Despite twists and turns, the vision of a dance theater has motivated three generations.
Businesses that last 50 years are successes. Dance troupes that do so are minor miracles. Creativity and perseverance help longevity. So does bucking the status quo. These are all elements of Minnesota Dance Theatre's story, which spans three generations of dancers. This week MDT marks its golden moment with four performances of "Carmina Burana" at the Cowles Center.
A statistic shows how rare the MDT story is. Among 299 nonprofit American troupes in the Dance USA directory, MDT joins just 20 others with 50 or more years in operation. The list includes some of dance's best-known names, such as American Ballet Theatre, New York City Ballet and Alvin Ailey American Dance Theater.
In 1946, 20-year-old Minnesota native Loyce Houlton went to New York City to study with legends like Martha Graham and George Balanchine. She came home to marry, raise a family and teach. By 1961 she and several colleagues founded a school, the Contemporary Dance Playhouse. In 1962, Loyce launched MDT to combine ballet traditions with emerging movement trends.
"She wanted to be absolutely current, embracing everything at the same time," said daughter Lise Houlton, who became MDT artistic director in 1995 after Loyce died at age 69.
Famous dance students
Out of humble beginnings grew a vital artistic resource. Famous students and protégés included Prince, Toni Pierce-Sands of TU Dance and Charles Askegard (formerly of American Ballet Theatre and New York City Ballet) -- not to mention Lise and her daughters Kaitlyn and Raina Gilliland. Thousands more gripped an MDT ballet barre in various Minneapolis locations over the years. Guest artists forged bonds between dancers locally and New York.
Loyce fostered a populist spirit. MDT opened the Cedar Village Theatre (now the Cedar Cultural Center) for free "People's Concerts" and performed in protests both global (the Vietnam War) and local (the Red Barn development in Dinkytown). "There were so many political arguments at the time," said Lise, 57. "Being a feminist, she was always in the middle of them. I'm very grateful to have had that experience as a teenager. I was dancing to Janis Joplin and Jimi Hendrix."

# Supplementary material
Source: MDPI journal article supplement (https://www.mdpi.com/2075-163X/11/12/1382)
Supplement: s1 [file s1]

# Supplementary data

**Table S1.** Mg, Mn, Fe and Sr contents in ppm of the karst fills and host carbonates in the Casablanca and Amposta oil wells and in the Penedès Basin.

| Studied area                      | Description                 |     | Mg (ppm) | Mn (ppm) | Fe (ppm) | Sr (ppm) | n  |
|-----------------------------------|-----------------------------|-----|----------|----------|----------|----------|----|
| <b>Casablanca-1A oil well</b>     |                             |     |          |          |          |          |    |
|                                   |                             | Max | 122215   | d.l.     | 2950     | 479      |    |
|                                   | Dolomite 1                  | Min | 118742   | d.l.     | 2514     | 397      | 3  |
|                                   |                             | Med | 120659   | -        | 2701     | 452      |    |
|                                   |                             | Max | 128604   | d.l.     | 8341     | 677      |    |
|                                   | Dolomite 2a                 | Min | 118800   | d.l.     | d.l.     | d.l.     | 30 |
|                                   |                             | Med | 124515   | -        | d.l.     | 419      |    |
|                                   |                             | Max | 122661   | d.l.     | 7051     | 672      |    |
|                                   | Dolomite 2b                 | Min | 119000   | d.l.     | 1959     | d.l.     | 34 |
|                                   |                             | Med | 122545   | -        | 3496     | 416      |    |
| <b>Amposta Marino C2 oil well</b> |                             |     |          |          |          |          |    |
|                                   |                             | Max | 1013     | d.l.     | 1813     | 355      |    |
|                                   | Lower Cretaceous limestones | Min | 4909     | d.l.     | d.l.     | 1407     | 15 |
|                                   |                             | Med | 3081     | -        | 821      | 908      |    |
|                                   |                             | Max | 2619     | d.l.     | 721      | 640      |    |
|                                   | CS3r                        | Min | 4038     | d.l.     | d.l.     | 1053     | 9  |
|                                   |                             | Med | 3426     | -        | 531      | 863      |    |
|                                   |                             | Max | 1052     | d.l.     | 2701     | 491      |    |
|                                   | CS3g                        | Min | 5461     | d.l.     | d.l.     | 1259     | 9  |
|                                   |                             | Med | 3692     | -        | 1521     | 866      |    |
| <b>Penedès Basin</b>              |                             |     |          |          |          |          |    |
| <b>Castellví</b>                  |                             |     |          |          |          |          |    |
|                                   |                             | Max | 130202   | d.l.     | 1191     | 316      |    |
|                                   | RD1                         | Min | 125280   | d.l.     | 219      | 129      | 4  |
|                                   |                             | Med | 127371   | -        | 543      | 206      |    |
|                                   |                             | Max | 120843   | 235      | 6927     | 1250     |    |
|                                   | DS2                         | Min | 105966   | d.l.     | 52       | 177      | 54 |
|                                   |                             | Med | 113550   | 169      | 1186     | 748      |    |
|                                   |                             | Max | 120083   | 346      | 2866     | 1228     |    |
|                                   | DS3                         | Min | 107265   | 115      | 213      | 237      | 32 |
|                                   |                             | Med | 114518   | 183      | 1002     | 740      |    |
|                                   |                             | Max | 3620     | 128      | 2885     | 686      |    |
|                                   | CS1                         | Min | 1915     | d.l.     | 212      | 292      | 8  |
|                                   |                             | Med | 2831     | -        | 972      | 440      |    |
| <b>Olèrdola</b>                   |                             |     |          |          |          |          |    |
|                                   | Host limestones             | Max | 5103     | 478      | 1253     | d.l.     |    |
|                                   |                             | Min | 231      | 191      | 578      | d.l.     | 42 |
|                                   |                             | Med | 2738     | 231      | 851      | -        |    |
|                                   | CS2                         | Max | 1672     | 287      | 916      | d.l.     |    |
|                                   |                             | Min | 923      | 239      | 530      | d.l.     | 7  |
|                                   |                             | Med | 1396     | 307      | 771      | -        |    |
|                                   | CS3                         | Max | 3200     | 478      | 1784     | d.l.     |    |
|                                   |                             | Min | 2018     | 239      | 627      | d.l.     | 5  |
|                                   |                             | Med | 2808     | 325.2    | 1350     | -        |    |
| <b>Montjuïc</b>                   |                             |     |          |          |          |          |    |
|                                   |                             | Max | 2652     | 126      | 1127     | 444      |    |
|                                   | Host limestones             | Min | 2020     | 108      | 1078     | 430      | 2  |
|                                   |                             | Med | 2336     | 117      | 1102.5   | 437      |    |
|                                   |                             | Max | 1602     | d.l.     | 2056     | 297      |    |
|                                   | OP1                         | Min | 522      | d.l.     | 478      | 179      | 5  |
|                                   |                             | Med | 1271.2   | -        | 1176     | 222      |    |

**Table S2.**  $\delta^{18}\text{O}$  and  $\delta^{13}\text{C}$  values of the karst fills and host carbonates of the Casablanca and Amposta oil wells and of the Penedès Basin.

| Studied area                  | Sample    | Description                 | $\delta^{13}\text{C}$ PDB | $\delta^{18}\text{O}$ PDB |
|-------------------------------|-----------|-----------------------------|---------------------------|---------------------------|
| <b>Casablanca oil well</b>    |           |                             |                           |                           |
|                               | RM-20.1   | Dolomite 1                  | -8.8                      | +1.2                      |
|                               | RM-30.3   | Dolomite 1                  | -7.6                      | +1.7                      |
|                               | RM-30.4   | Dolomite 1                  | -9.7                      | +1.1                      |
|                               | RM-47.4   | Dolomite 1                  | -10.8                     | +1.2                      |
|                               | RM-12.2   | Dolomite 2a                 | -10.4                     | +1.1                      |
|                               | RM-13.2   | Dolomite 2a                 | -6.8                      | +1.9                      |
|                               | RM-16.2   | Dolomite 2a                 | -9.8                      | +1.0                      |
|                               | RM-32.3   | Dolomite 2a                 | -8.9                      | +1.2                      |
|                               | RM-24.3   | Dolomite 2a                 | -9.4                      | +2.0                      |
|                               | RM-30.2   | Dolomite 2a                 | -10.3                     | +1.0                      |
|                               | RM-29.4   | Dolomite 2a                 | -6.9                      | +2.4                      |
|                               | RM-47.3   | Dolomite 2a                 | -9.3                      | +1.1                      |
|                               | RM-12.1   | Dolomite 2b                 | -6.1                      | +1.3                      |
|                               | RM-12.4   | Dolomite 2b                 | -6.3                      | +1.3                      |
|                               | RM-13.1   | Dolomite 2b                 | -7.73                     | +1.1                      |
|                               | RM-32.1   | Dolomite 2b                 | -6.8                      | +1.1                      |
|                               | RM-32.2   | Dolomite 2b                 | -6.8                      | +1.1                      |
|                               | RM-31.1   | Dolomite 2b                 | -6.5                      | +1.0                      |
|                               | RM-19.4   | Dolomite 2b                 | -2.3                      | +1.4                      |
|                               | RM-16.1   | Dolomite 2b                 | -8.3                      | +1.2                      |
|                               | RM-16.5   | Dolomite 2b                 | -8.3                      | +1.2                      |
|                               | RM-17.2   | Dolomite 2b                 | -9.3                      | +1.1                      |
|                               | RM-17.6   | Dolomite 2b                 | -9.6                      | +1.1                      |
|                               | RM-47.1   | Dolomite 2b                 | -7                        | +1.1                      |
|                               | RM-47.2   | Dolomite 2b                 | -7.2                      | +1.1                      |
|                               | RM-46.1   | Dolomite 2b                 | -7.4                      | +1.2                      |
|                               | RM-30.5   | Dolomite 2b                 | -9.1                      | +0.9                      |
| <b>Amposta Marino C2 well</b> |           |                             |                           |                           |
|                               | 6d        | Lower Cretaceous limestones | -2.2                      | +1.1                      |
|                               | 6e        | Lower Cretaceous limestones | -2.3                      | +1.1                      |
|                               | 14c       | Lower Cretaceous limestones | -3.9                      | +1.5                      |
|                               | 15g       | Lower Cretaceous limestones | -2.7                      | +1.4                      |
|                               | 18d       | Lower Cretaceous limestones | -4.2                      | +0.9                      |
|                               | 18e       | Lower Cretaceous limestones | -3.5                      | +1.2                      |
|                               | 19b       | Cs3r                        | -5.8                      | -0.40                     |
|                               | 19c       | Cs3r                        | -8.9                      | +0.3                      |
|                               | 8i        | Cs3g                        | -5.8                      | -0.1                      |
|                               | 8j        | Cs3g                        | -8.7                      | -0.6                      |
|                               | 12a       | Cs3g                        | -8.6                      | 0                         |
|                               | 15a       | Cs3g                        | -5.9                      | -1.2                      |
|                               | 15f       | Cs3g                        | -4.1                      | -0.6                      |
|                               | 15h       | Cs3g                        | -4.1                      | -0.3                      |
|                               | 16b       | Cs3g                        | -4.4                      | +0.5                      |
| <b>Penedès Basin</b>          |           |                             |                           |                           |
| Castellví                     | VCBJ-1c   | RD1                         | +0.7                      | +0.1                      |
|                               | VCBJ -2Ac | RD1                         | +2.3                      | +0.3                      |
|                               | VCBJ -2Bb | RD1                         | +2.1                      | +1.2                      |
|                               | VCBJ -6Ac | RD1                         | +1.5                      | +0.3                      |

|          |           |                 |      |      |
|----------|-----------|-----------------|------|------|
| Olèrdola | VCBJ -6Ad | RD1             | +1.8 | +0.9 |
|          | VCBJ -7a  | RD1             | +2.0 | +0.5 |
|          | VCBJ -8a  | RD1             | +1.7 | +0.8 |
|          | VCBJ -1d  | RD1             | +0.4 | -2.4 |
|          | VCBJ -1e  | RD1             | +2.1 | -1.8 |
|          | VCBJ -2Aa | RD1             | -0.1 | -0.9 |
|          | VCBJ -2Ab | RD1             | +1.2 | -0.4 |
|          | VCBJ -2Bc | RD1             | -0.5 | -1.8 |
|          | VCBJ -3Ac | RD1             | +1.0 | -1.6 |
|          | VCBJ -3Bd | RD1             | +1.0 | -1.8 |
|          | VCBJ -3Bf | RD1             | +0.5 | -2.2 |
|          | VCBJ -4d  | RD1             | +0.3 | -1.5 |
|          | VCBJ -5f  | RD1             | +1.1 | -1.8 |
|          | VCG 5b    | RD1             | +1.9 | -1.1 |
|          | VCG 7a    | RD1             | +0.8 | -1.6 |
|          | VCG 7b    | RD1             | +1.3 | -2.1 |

None of this could have happened without single-minded dedication. Loyce "had her standards," said John Linnerson, a longtime technical director and production manager for MDT. "She was always going around the clock, always collaborating. There was an overwhelming intensity. It was fascinating to watch it grow, it took so many twists and turns." Among them was MDT's near demise in the 1980s due in part to mounting debt and a failed merger with Seattle's Pacific Northwest Ballet.
Loyce choreographed more than 90 dances, but MDT is best known for her "Nutcracker Fantasy," which premiered in 1964 at the Moppet Playhouse (forerunner to the Children's Theatre Company). The holiday favorite, hailed for its innovative use of the Tchaikovsky score, was performed for two decades at Northrop Auditorium and then revived with a "Skimp" version at the Aveda Institute in 1991 followed by annual seasons at the State Theatre. In 2011 the show moved to the Cowles.
Linnerson notes the production's triumphs and disasters, including when a fog machine spilled water onto the stage, sending the dancers sliding. "It's been great to be a part of it," he said. "I really believe it could outlast other 'Nutcrackers.'"
Such memories stir Raina Gilliland, now an MDT company member. "I was probably 3 when I was an understudy mouse," she said. Last year the 22-year-old shone in the marquee role of Sugar Plum Fairy.
One aspect of MDT's history is family. Loyce inspired Lise into a dance career -- and the two did the same for Raina and Kaitlyn. "As a parent I pushed them with great enthusiasm toward concert piano, basketball, anything but dance," said Lise, who knew the rigors of the profession. "But I think they experienced Loyce at her best and there's something in there that takes hold."
Kaitlyn, 24, a former New York City Ballet dancer who teaches at the School of American Ballet and is enrolled at Columbia University, recalls her grandmother's commitment. "She was always very professional, very demanding, even of students," Kaitlyn said, recalling a stint at age 5 in a circus-themed dance. "In dress rehearsal I tripped on my way up to the stage and fell on my face. I was laying there in my poodle costume, more humiliated than hurt. She swept me off my feet and let me cry in her lap. She was still my Nana."
Looking to the future
Lise returned to MDT after dancing with the Stuttgart Ballet and American Ballet Theatre. Seventeen years later she balances the hard work of honoring her mother's legacy while setting the stage for MDT's future, commissioning dances and tending to the day-to-day needs of a five-member company (plus three apprentices) as well as a school with nearly 200 students.
According to Raina, her mother gets the balance right. "She brings the same energy Nana brought, she tries to keep the spirit of Nana in the studio. It's a collective energy." When Lise shouts out reminders like "Bigger, better, more!" or "Magic, magic, magic!" during rehearsal, said Raina, "It's something that everyone can chant together."
"I'm very fortunate to be working with extraordinary dancers," said Lise. "The challenge is supporting the product -- first who's going on stage and then what's going on stage and making sure everyone in the organization remembers that. My great joy is what happens in the studio, and that's what I do best."
Somewhere Loyce is smiling.